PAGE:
Thu, 25 Mar 1999

Parties abusing campaign ruling to be disqualified

JAKARTA (JP): Political parties will be disqualified from the June general election if proven guilty of violating or ignoring campaign rules, scheduled to be passed by the General Elections Commission (KPU) on Thursday.

National Elections Committee (PPI) chairman Jacob Tobing said disqualification would be the maximum penalty against parties breaching the campaign rules. Authority to impose sanctions will lie with the Election Supervisory Committee.

"The Election Supervisory Committee is expected to be a fair referee in handling violations in all phases of the election process," he told The Jakarta Post on Wednesday.

Jacob, also deputy chairman of the Indonesian Democratic Party of Struggle (PDI Perjuangan), said parties would be held responsible for violations and clashes involving their supporters during the campaign period scheduled from May 18 to June 4.

Parties would be considered to have failed in curbing their supporters, he said. PDI Perjuangan supporters have also been involved in a number of recent clashes.

Jacob said parties would also be barred from mobilizing their supporters in open fields, or moving them from one regency or mayoralty to others in an effort to prevent brawls.

"The National Police, which will be in charge of security during the campaign season, is expected to be strict against any violations of the campaign rules ... We should learn from bad experiences from general elections in the past."

The 1997 elections also barred campaigning at open sites, but problems arose during transportation of supporters to and from rallies.

Supporters of various parties have already started riding in open trucks to and from party functions, without reprimands from the police.

Jacob was confident the KPU could help avoid clashes.

In line with fears of clashes, campaigns may be restricted to dialogs in closed arenas, a measure which would inevitably limit the numbers of participants.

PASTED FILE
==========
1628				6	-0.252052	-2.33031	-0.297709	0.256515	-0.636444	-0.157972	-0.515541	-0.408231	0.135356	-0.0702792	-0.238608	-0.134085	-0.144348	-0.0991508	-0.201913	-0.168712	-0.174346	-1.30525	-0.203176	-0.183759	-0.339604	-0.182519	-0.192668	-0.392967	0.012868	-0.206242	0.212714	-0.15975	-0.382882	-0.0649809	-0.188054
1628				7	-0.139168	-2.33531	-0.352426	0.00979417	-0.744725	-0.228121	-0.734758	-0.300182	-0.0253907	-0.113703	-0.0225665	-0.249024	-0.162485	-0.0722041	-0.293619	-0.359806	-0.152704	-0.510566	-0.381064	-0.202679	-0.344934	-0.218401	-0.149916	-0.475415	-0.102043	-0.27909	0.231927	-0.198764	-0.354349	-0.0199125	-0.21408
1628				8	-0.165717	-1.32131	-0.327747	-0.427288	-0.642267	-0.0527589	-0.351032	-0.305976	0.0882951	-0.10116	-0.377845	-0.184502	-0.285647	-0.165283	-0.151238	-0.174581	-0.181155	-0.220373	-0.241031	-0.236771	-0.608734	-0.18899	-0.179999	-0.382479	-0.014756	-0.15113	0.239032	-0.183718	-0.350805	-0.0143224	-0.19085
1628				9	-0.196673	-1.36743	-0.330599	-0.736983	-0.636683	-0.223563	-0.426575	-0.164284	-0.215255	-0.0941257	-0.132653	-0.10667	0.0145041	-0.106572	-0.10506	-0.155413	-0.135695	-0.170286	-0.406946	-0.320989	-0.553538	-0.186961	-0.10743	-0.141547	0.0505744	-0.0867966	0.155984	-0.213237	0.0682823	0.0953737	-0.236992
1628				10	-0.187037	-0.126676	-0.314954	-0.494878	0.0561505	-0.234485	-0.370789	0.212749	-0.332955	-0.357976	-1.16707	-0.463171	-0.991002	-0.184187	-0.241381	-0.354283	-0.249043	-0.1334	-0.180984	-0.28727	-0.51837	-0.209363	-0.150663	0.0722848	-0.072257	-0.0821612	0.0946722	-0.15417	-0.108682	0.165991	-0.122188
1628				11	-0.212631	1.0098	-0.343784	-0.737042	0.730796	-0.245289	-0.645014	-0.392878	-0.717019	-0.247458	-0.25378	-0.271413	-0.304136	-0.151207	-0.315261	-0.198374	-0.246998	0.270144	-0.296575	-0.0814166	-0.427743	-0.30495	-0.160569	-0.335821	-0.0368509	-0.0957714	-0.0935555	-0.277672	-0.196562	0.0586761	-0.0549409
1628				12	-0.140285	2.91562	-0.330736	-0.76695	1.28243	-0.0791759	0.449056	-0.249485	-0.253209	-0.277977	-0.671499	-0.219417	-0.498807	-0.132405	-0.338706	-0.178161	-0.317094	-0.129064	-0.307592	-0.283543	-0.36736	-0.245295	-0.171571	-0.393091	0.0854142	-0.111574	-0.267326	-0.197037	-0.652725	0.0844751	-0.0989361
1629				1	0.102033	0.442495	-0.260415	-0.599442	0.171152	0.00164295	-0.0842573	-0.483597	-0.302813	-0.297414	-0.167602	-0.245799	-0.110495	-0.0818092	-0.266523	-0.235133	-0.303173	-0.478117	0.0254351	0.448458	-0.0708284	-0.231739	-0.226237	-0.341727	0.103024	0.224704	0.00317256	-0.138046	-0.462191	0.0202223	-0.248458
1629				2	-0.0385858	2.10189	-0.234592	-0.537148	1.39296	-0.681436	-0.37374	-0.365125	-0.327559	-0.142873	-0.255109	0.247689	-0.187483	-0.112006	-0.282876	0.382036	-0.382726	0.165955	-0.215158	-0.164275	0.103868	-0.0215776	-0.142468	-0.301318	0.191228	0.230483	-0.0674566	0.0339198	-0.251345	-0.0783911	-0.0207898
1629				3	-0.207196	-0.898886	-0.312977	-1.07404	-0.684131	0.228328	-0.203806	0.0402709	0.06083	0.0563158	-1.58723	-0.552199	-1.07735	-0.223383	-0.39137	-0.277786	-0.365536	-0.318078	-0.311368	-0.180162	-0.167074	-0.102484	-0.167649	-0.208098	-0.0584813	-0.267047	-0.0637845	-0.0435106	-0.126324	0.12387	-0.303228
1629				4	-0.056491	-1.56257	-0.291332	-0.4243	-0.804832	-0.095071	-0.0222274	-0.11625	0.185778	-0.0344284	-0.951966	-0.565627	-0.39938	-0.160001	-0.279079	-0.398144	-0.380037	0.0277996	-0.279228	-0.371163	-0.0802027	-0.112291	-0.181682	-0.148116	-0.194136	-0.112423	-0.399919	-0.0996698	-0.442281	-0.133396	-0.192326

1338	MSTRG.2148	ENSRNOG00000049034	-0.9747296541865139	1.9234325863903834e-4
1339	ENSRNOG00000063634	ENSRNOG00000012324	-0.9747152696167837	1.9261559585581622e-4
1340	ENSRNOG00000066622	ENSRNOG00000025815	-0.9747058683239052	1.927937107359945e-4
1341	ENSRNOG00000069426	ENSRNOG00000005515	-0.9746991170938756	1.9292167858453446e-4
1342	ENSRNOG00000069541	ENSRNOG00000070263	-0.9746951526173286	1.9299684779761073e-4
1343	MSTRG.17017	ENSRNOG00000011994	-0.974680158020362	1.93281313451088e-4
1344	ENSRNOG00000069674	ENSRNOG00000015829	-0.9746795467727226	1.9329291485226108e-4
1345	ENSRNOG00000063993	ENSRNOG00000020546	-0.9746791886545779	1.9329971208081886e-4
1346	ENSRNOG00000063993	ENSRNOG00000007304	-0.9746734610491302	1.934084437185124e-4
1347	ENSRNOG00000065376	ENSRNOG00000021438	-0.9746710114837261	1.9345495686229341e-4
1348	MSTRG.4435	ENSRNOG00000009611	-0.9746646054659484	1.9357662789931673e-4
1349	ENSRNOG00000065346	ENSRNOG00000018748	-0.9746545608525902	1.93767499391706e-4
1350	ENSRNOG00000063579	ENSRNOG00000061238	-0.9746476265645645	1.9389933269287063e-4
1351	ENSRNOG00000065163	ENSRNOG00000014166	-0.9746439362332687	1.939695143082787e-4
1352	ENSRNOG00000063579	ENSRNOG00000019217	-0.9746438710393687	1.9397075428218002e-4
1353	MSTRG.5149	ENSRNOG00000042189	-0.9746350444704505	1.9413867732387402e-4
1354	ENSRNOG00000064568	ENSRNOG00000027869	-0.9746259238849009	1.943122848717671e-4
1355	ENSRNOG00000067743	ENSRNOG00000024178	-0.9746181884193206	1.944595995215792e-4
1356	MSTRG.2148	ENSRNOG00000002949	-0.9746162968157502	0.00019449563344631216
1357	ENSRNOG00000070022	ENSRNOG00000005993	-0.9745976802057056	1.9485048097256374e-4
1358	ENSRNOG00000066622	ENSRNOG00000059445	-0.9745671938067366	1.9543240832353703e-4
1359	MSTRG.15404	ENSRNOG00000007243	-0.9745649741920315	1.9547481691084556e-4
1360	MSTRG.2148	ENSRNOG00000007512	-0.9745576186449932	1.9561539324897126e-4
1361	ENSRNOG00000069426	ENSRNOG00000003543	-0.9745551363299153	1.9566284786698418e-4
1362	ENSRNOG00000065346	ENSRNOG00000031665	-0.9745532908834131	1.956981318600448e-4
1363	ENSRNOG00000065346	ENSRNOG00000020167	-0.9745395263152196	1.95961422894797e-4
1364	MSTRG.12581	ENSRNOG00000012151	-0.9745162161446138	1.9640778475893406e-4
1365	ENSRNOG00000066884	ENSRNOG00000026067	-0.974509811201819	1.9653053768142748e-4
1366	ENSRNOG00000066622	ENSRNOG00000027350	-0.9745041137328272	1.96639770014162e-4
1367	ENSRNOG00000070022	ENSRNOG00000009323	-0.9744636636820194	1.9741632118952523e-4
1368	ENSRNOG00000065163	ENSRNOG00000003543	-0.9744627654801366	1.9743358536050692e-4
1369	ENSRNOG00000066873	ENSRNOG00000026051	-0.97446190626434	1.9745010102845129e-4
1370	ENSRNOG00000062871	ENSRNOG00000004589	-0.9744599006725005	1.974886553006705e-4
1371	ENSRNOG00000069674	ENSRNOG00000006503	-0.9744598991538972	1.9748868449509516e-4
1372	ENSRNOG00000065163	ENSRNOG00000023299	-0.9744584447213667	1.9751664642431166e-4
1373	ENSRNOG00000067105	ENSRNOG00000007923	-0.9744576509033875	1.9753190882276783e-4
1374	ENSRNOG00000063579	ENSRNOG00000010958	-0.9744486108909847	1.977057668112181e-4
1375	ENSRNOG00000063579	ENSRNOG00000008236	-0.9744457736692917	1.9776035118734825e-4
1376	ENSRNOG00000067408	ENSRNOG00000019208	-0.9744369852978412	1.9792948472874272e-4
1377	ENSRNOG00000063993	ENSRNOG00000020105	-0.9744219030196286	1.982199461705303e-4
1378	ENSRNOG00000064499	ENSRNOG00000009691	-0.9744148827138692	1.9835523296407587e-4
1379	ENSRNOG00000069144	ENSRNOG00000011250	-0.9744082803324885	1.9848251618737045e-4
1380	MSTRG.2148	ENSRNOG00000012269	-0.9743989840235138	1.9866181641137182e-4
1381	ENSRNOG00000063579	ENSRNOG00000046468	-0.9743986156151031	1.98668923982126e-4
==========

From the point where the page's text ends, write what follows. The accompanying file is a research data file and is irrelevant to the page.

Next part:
"The campaign schedule for all 48 parties will be designed so well that no clashes between party supporters will occur during the campaign season," he said.

Campaign themes will be also limited to contestants' programs and outlooks "which are not against the 1945 Constitution and the national development program" apart from state ideology Pancasila, he said.

Jacob said that the election commission would also issue "11 commands" for political parties, inclusive of activities of their supporters and campaigners.

These would include barring campaigners and supporters from debating the 1945 Constitution, attacking individuals, religion, ethnicity, race and other parties, inciting violence, bringing guns, issuing threats of violence, inciting supporters to commit subversion, campaigning in streets and damaging party banners and flags installed in permitted sites.

Central Java party officials have said that hundreds of their banners and flags have been damaged by supporters of other parties.

Election rules also bar parties from recruiting all government and military officials, including ministers, for campaigning during the elections.

KPU deputy chairman Adnan Buyung Nasution said that there was no substantive reason to bar ministers or other officials from campaigning for their parties. He added it was their moral obligation to fight for their political loyalties, acknowledging it was not unusual for ministers to campaign in democratic countries such as the United States, France and Canada.

"But the ban has been made because ... the nation is still traumatized by the bad experience ... when many officials used state facilities to campaign for their party," he said.

Jacob warned officials, including village chiefs and subdistrict heads, against intimidating people into voting for particular parties.

Political parties should also watch the registration of prospective voters by authorized election staff, he said, with the process to run from April 4 through May 4.

He said the election committee also simplified the requirement for registration. People lacking identity cards will be allowed to show citizenship letters from their neighborhood chiefs.

He added the election committee's 60 members would visit the provinces on Thursday to install provincial election committees. They will subsequently install regional committees in regencies and mayoralties. (rms)